by Carmen Liuzza and Geza M. Pap
In 1986, the Department of Defense directed the removal of acceptable quality levels (AQLs) from all of its specifications. The implementation of this directive also involved the policy that, when lot acceptance is based on only a sample of the total lot quantity, all of the samples should be defect free for outright acceptance: That is, only "accept on zero" (AOZ) plans are to be used for attributes sampling.
AOZ plans are primarily intended for inspection of quality-type characteristics and not for establishing the product's performance. The AOZ requirement doesn't apply to destructive tests.
Several factors prompted the Defense Department to change to AOZ plans, but industry's example was clearly significant. The policy was set in an era where Harley-Davidson recaptured its eminence through process controls, Detroit fought its way back to profitability through "Quality is Job 1," and Motorola won the Baldrige Award and the bulk of the cellular phone business using total quality management and continuous improvement.
The message was quite clear: Customers have the right to expect quality. The Defense Department just happens to be the world's largest customer. After considering their dealings with industry, the department's decision makers realized that AQL-based specifications sent a message about their quality expectations that was contrary to their objectives.
Although the DOD's contracts had always specified in clear legal language that the department required all-conforming product, it immediately withdrew that "customer demand" by allowing nonconformities within the sample. In other words, the objective evidence that was supposed to prove that the lot met all requirements was permitted to include evidence to the contrary.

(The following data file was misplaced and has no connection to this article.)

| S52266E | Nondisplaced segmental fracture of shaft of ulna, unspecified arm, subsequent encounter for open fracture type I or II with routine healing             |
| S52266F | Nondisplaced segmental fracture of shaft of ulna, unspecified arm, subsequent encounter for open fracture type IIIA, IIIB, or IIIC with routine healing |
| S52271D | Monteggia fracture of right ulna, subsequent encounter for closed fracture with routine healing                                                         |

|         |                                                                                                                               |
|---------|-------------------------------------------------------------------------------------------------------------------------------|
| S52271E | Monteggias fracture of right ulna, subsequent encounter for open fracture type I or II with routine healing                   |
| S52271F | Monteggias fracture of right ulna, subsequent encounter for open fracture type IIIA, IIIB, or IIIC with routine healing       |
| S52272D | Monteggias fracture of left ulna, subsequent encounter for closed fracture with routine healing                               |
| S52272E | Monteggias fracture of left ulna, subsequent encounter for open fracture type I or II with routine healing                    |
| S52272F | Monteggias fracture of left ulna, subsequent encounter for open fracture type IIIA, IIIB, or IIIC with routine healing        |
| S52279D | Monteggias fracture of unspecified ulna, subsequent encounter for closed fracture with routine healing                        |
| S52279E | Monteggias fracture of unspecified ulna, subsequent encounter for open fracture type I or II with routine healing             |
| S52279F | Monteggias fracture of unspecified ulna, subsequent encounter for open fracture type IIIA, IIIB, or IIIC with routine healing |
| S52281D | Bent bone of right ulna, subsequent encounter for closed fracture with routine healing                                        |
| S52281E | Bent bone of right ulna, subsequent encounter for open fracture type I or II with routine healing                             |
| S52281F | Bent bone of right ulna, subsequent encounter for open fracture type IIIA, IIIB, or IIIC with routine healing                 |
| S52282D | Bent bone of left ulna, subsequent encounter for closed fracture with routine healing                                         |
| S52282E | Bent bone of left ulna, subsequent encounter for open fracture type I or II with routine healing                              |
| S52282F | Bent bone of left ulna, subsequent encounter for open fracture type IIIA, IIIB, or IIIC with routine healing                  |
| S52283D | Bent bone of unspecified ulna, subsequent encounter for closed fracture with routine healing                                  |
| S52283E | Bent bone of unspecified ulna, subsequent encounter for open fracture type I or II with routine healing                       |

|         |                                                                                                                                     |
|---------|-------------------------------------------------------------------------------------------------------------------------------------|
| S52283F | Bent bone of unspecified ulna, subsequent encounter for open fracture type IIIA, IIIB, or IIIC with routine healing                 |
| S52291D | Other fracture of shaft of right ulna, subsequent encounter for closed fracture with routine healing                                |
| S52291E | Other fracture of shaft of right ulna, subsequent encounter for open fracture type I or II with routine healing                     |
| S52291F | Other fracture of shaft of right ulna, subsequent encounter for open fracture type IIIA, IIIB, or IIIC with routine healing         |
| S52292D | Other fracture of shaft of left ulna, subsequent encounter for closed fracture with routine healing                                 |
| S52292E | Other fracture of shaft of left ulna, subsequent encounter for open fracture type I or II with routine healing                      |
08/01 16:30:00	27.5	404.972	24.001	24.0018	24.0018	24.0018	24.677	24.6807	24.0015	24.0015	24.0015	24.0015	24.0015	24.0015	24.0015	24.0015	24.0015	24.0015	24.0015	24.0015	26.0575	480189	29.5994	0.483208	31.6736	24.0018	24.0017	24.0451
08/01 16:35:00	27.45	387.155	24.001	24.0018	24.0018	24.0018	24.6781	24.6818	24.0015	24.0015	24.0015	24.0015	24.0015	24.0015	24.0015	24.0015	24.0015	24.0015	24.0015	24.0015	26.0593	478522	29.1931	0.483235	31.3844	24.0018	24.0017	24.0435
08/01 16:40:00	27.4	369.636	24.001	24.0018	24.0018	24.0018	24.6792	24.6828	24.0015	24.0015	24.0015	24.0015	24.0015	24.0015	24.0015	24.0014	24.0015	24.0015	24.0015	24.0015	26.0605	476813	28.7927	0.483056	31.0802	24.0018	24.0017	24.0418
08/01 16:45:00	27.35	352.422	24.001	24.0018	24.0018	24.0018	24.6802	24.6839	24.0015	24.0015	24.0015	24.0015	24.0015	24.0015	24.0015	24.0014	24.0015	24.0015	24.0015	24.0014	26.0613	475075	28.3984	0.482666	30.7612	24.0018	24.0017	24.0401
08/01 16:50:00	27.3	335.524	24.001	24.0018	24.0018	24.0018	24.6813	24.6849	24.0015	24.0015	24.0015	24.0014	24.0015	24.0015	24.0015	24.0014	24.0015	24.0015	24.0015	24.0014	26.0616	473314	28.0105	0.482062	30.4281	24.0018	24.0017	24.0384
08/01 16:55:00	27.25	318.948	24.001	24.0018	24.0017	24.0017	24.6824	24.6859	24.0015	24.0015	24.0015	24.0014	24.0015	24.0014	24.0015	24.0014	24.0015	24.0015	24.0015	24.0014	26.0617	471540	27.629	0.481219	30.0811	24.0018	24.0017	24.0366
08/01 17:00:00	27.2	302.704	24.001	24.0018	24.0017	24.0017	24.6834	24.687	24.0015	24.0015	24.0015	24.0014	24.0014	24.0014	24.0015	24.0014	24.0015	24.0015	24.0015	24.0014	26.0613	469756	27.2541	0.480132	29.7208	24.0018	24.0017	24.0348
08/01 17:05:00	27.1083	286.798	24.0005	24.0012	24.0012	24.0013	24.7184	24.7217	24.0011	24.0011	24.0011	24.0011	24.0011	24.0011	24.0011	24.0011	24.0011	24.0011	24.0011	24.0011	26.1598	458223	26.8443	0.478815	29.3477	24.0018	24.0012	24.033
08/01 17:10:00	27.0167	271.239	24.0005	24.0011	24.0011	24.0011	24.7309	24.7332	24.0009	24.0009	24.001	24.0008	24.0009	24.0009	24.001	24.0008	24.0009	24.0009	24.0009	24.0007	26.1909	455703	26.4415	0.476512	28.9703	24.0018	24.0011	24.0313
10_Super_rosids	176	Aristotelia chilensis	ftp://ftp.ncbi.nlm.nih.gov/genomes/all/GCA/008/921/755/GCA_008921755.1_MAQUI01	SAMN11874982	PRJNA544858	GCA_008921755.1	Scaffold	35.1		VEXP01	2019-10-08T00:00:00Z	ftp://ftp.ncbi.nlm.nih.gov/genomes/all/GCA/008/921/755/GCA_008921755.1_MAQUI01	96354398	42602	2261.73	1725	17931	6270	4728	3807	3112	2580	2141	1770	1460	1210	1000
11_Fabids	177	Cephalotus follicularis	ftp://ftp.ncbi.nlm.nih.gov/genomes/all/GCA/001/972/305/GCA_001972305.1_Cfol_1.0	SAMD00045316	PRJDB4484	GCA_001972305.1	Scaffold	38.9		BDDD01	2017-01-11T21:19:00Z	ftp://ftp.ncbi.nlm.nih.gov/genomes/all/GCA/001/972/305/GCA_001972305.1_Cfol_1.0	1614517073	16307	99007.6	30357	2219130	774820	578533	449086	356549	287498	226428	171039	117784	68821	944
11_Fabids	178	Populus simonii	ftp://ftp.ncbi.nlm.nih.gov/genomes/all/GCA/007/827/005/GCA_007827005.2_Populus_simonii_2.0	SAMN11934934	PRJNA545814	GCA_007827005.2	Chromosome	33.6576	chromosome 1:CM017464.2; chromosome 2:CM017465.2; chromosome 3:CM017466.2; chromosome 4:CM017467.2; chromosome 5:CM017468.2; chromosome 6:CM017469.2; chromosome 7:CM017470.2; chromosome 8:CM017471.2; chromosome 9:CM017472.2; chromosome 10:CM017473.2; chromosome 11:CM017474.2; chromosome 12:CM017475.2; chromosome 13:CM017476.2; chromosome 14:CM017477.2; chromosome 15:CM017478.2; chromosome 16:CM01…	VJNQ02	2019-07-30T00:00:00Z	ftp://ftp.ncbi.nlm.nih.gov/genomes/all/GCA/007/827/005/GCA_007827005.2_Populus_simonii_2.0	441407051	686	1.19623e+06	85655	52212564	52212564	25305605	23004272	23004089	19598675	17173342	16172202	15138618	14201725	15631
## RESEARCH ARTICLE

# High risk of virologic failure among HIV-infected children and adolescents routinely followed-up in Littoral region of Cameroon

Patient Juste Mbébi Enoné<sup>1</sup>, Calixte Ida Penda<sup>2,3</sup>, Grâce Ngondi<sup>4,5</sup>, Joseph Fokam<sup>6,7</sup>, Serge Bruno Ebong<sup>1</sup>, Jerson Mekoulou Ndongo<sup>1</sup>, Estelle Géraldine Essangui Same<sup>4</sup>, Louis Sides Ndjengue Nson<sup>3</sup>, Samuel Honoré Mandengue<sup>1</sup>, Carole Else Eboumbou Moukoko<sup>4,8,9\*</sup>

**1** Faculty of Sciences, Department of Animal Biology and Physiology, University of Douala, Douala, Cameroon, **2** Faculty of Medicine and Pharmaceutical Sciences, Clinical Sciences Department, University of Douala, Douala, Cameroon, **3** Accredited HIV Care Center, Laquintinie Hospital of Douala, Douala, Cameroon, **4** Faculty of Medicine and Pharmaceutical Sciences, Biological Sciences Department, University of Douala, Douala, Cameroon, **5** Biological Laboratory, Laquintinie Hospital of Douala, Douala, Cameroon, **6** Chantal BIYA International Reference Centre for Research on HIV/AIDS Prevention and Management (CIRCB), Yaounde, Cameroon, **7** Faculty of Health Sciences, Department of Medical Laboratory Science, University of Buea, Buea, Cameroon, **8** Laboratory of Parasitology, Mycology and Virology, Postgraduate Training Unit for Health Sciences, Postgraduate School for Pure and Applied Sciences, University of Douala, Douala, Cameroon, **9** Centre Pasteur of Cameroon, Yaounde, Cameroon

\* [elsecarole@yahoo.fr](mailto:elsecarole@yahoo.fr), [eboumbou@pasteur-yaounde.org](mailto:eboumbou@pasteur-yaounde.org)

The notion of "permissible defect levels" was also contrary to the economics of the Defense Department's increasingly complex weapon systems. Relatively minor variances in $5 parts could cause the failure of $5 million systems. AQLs in specifications then compounded the problem with the inertia they created.
The success of an AQL-based production run is judged by the lot-acceptance rate. Both customer and vendor rest on their laurels if the lots pass. In fact, both sides became quite adept at explaining how failed lots are just statistical aberrations and should be bought on waivers. Every aspect of the AQL system favors inaction and avoidance of continuous improvement.
It became, and still is, the Defense Department's policy to do everything it can to encourage contractors to monitor, control and continuously improve their own processes; minimize variability; achieve high capability; and prevent rather than inspect for nonconformities. The Defense Department recognized that proper use of MIL-STD-105 certainly wasn't disabling these objectives; however, the department realized that it had allowed its suppliers to build an undesirable operational culture around the standard.